While all of us would agree that to travel is a joy, packing for it is another story. If we could skip that part and just magically have a backpack or luggage neatly organized as we go out the door than that would be great. However, unless you are a billionaire and/or Mariah Carey who have a personal assistant to do everything for you, packing things for a trip is a cold, hard truth in one’s life. Of course, packing will be fairly easy if we could just stuff our whole house in a bag but since we consider lots of things, i.e. size of your bag, the health of your back and airline luggage weight regulations, we have to be smart about it. I am now convinced, after years of living out of suitcases (and backpacks), that packing is a science and also an art. It just doesn’t happen– it has a formula and at the same time you have to be creative about it.
Ah, Hong Kong! A cultural melting pot of East meets West, with great shopping, good eats and good-looking people. Having said that, a 3-day jaunt on “Asia’s World City”, seems like a taxing endeavour especially when you are going to do it all by yourself (i.e. good riddance, boring tour packages!). However if you are well-traveled and have been there once or twice before, it should be fool-proof, right? Probably true. But sadly, not for us We admit that once we’ve been to a place before, we tend to be pretty stubborn in our ways. And lazy. Big time. This could be due to too much sun and salt water exposure. Or you know how you seem to be good at Physics and you think you got it so you end up not studying for the exam and then when you take the exam you “surprisingly” fail?
Well, that’s kind of what happened on our Hong Kong trip (And I really thought I was good at Physics!)
(Archived from The Quarter-life Travels blog. Published September 2012.)
April 29,2012– After an overnight stay at Tinaga Island in Calaguas, we are headed back home to Manila but not until we dropped by and checked out the surf at Bagasbas, also in Camarines Norte. I was actually a bit wary that the waters might be flat, as what is expected during summer. Oh, before I go on, I am in no way a surfer– professional or even an inch near beginner, I suppose, but I love to surf once in a while (the long board kind) and get wiped out most of these times. So maybe I am in no position to be saying that the water is flat blah, blah, blah but really, what fun is there in surfing on calm waters? And is that still called surfing? But before I consume you with my thoughts, I was quite happy to see as our van parked along the beach avenue, that the waves were there. One local surfer the I got to talk to told me that the waves in Bagasbas never actually goes flat even during summer months wherein some other surf spots become calm. I don’t know if this is actually true but if I can compare with my trip to San Juan, La Union a week before, I would agree– the waves in Bagasbas are much more surfable (there is actually no “surfable” word, I just made it up but you would agree it sounds right, no?). I also noticed that the beach is alive: people are everywhere and you can just tell that energy is pulsating in the whole area.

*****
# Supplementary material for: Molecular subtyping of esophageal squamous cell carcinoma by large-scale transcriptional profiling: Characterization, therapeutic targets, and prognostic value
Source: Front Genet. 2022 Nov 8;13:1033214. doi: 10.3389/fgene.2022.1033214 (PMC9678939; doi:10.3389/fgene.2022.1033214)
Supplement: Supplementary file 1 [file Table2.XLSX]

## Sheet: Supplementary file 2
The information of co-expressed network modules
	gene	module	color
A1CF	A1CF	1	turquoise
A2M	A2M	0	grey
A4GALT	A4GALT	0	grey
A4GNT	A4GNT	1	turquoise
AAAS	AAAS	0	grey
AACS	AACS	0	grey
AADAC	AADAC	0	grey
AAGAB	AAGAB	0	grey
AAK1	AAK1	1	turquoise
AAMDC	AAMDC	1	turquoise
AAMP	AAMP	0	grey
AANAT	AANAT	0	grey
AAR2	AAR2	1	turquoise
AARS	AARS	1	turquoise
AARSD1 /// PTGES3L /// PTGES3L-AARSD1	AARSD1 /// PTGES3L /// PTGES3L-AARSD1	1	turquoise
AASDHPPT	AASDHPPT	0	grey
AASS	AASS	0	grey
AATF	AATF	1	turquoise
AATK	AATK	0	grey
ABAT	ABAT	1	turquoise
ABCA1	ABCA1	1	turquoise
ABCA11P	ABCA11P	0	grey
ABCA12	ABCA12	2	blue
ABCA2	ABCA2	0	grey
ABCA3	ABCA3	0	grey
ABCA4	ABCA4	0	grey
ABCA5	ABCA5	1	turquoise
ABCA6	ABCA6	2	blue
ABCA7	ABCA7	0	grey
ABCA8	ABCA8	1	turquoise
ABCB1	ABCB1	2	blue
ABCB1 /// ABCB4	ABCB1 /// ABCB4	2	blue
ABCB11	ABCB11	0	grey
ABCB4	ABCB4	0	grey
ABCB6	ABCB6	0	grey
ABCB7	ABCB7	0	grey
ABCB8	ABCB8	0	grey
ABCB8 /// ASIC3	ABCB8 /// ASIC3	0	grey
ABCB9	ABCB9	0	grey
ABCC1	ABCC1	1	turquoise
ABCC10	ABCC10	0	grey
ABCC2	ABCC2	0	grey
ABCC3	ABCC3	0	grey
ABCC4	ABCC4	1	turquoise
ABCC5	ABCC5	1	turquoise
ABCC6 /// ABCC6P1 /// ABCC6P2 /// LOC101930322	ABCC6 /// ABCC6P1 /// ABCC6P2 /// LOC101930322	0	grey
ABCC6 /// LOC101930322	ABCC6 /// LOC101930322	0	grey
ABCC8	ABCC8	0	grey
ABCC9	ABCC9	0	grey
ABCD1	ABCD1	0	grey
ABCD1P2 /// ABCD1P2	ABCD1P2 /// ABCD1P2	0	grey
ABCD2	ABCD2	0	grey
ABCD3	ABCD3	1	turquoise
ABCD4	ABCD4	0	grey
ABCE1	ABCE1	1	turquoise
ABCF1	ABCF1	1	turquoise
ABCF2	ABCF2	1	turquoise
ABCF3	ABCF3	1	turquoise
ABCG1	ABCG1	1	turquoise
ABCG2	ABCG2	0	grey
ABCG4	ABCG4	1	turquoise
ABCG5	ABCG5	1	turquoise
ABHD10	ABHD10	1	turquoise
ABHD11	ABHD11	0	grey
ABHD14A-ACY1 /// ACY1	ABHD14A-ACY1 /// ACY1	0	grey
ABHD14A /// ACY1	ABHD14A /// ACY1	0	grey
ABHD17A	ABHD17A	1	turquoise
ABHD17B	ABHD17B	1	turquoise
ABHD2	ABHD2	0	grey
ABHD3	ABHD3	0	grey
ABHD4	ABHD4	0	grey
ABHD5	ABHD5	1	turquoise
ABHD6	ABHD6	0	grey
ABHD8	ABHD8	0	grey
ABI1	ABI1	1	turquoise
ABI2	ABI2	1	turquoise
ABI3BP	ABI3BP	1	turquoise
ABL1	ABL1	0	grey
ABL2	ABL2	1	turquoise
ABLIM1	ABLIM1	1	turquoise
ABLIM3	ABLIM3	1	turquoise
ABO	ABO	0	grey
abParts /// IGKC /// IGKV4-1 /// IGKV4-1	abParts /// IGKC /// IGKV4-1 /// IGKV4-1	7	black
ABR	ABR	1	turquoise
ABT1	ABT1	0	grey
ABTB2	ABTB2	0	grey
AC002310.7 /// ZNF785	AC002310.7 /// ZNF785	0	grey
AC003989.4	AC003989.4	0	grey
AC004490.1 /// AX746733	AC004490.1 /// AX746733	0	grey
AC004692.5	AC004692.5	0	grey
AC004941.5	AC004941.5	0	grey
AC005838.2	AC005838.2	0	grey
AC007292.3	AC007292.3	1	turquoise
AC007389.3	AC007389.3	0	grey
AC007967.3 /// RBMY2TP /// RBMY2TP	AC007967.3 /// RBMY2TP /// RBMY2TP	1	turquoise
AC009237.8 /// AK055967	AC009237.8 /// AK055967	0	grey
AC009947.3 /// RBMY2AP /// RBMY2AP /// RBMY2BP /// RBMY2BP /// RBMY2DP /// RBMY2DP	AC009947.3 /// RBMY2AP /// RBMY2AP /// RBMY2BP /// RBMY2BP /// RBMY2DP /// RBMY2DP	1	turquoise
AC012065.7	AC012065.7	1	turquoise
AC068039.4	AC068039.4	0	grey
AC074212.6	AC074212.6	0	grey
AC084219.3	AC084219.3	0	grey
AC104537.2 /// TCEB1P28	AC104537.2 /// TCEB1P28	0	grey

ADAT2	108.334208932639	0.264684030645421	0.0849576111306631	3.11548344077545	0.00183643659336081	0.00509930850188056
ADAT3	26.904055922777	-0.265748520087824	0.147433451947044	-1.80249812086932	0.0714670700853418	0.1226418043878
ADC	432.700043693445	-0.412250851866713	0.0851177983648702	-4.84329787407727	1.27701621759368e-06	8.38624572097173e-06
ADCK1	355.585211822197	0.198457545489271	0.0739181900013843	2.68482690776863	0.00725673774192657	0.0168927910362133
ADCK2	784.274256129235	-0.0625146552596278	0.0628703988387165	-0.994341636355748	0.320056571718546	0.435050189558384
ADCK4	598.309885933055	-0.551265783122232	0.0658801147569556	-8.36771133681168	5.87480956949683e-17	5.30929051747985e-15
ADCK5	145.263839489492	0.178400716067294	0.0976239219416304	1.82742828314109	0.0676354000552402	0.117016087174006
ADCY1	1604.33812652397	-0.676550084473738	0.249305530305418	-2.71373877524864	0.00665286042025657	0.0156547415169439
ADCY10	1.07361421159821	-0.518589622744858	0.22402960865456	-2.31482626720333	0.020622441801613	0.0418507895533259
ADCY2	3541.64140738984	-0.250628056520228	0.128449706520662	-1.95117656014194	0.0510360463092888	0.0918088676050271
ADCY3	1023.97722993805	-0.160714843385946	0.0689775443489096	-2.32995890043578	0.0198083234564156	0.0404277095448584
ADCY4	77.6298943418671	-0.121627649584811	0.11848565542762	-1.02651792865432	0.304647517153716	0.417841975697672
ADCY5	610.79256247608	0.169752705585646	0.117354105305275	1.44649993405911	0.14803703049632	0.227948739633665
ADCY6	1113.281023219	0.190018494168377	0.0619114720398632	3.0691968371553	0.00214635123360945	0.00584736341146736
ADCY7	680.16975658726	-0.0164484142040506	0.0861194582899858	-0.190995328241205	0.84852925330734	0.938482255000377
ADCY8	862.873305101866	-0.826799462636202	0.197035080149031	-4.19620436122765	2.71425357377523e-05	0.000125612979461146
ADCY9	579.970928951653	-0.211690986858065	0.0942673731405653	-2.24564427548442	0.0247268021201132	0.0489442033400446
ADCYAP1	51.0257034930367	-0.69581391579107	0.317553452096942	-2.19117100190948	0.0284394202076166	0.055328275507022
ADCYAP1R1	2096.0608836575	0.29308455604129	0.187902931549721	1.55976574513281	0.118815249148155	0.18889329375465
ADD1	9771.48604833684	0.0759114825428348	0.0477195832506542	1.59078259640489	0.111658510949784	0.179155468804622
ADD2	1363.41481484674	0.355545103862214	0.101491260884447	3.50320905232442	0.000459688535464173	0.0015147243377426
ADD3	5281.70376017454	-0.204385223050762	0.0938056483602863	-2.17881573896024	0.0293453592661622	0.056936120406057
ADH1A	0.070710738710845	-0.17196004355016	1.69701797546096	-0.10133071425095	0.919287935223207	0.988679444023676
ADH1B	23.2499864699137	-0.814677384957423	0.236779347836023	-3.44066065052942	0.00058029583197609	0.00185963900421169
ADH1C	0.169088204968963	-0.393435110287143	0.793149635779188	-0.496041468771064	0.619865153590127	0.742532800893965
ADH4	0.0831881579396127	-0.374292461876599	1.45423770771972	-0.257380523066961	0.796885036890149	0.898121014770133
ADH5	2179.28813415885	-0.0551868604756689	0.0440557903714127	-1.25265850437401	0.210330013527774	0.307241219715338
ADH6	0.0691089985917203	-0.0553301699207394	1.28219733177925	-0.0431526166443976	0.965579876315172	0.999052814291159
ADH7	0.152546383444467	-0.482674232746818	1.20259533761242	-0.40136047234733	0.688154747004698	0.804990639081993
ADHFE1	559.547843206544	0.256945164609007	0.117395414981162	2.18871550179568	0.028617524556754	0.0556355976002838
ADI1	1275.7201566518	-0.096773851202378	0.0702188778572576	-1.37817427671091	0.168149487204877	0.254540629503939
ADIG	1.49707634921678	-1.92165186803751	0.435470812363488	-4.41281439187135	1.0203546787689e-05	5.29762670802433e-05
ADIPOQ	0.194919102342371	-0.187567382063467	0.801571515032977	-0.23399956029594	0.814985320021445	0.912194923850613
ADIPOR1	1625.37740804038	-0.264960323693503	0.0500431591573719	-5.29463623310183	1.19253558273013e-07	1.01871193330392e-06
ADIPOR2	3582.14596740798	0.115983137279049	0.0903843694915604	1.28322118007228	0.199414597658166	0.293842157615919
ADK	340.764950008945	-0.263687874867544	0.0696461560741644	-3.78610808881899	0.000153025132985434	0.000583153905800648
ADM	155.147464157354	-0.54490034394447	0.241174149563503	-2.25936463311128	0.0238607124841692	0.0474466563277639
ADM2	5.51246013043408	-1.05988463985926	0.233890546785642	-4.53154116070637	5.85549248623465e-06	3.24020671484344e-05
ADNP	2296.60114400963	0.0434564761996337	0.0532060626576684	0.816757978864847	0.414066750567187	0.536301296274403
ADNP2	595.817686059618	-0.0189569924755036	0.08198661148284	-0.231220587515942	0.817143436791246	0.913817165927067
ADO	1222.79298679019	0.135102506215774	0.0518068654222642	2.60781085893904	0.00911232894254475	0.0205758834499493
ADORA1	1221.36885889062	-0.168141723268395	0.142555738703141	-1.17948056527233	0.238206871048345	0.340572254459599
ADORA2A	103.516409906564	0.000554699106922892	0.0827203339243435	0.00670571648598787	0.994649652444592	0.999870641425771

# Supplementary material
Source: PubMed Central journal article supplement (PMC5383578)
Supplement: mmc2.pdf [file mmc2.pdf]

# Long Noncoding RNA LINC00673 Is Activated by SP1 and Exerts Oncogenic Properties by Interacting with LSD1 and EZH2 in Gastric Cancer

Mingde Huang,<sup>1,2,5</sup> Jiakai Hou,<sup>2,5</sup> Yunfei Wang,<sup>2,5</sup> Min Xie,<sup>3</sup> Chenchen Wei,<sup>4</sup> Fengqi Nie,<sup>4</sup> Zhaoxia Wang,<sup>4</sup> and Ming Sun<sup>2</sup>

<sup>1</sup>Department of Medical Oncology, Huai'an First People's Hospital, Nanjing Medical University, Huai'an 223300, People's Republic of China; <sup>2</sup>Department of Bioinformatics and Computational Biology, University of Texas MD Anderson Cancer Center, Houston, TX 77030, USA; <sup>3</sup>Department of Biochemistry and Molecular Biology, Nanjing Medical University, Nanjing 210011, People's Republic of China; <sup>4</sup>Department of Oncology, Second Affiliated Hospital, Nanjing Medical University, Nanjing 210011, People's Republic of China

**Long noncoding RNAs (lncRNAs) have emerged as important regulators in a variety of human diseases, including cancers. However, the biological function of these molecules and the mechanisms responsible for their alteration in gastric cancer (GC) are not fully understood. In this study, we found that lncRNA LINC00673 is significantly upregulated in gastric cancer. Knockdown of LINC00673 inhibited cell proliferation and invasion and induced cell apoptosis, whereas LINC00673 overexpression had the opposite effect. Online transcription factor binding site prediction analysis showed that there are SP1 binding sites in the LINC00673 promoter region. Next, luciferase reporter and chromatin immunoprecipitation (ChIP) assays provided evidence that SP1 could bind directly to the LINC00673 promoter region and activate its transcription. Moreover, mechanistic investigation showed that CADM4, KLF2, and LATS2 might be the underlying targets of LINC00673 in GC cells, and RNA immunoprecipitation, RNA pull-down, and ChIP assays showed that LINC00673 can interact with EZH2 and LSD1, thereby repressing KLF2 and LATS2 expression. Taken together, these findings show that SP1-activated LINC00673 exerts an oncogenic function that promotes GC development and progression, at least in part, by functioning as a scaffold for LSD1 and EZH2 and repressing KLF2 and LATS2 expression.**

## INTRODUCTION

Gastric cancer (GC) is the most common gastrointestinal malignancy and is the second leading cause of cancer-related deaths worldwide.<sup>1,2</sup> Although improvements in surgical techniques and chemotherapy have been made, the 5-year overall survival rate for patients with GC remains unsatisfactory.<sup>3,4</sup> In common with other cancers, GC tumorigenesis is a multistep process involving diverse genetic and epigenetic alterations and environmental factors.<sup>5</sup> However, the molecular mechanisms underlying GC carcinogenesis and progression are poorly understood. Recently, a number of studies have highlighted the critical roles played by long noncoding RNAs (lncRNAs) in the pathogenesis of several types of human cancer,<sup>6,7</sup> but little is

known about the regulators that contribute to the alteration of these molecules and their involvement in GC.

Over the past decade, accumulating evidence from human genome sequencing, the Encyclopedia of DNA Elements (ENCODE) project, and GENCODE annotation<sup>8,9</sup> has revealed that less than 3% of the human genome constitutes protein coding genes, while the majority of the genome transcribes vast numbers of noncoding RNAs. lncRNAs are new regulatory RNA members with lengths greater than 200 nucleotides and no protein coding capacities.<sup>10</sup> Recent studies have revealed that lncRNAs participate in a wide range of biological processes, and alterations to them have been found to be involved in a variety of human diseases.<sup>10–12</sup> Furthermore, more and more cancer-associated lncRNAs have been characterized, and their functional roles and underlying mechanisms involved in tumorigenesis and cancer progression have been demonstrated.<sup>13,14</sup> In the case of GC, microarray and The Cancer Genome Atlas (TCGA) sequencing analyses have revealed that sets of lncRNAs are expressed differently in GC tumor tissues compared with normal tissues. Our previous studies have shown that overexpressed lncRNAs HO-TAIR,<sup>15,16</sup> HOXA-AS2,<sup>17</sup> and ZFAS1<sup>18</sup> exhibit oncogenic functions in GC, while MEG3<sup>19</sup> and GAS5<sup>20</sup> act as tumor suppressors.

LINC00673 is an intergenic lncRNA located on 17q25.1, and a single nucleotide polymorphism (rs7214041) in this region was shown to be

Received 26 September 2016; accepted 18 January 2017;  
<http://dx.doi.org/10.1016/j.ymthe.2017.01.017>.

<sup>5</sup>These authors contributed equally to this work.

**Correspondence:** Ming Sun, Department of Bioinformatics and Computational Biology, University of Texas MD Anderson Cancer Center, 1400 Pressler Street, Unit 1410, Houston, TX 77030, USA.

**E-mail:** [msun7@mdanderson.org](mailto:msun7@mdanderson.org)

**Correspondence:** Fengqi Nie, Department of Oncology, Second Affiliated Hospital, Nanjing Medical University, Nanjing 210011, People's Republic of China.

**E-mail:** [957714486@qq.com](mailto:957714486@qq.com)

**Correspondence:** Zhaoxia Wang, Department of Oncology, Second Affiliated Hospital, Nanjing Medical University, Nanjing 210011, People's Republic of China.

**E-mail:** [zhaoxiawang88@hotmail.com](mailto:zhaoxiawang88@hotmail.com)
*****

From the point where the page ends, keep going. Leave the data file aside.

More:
(or what I did pretty much all the time while in Ho Chi Minh)
As much as I wanted to be the cultured and classy person that you all think I am, the truth is that on my teen years, my world revolved around cable TV. This affected me in so many ways: at 15 my dream job was to be a MTV VJ (fortunately, this has changed, else I will still be unemployed), I thought Rachel Ray was a genius making 30 minute meals (still do, but still can’t make anything other than fried eggs in 30 minutes!) and “Oh Tokyo” at WINS made my day (seriously, bring it back). The cool life as I knew it existed on the tube and people in there seemed to have more fun than I do. Perhaps the ultimate life-changing TV show for me were the Lonely Planet series shown on Discovery Channel when I was a bright-eyed teen. It opened my eyes to the wonderful world and all the fun of traveling. They featured places like Paris, Thailand, New York and Havana and every time I would swoon and wish that I could go there someday. But no other episode of theirs has stuck in my memory than the one they had of Vietnam. To be precise, nothing in that episode has struck me more than when they started featuring food: Spring Rolls, Bahn Mi and bowls and bowls of steaming hot and delicious Pho. Oh. My. I used those two words way before you met Christian Grey, Ana Steele. And I am completely PG.
I have a friend, E, who balks at the idea of a trip to Ho Chi Minh. She complains that there really is not much there aside from the cheap North Face bags being sold there. But surely there should be much more to this city other than factory overruns right?
Right! For as soon as my friends and I stepped-out of our hotel on our first day in Ho Chi Minh, or Saigon, as it is popularly known among the locals, I knew that E could have been balking at the wrong city. The revving hordes of motorcycles winding through the roads of Ho Chi Minh is already a reminder that this is no boring place. Saigon is also well represented in the “East Meets West” adage of most cities for its history of being once the capital of French Indochina.
So before you go and buy your dirt cheap and brand-new backpacks, grab the most reliable one you have first and get ready to dance with motorcycles, be french with you architectural tastes, brush up with important history and open your eyes to a glimpse of life on the riverside (yes, get out of the city for a while!)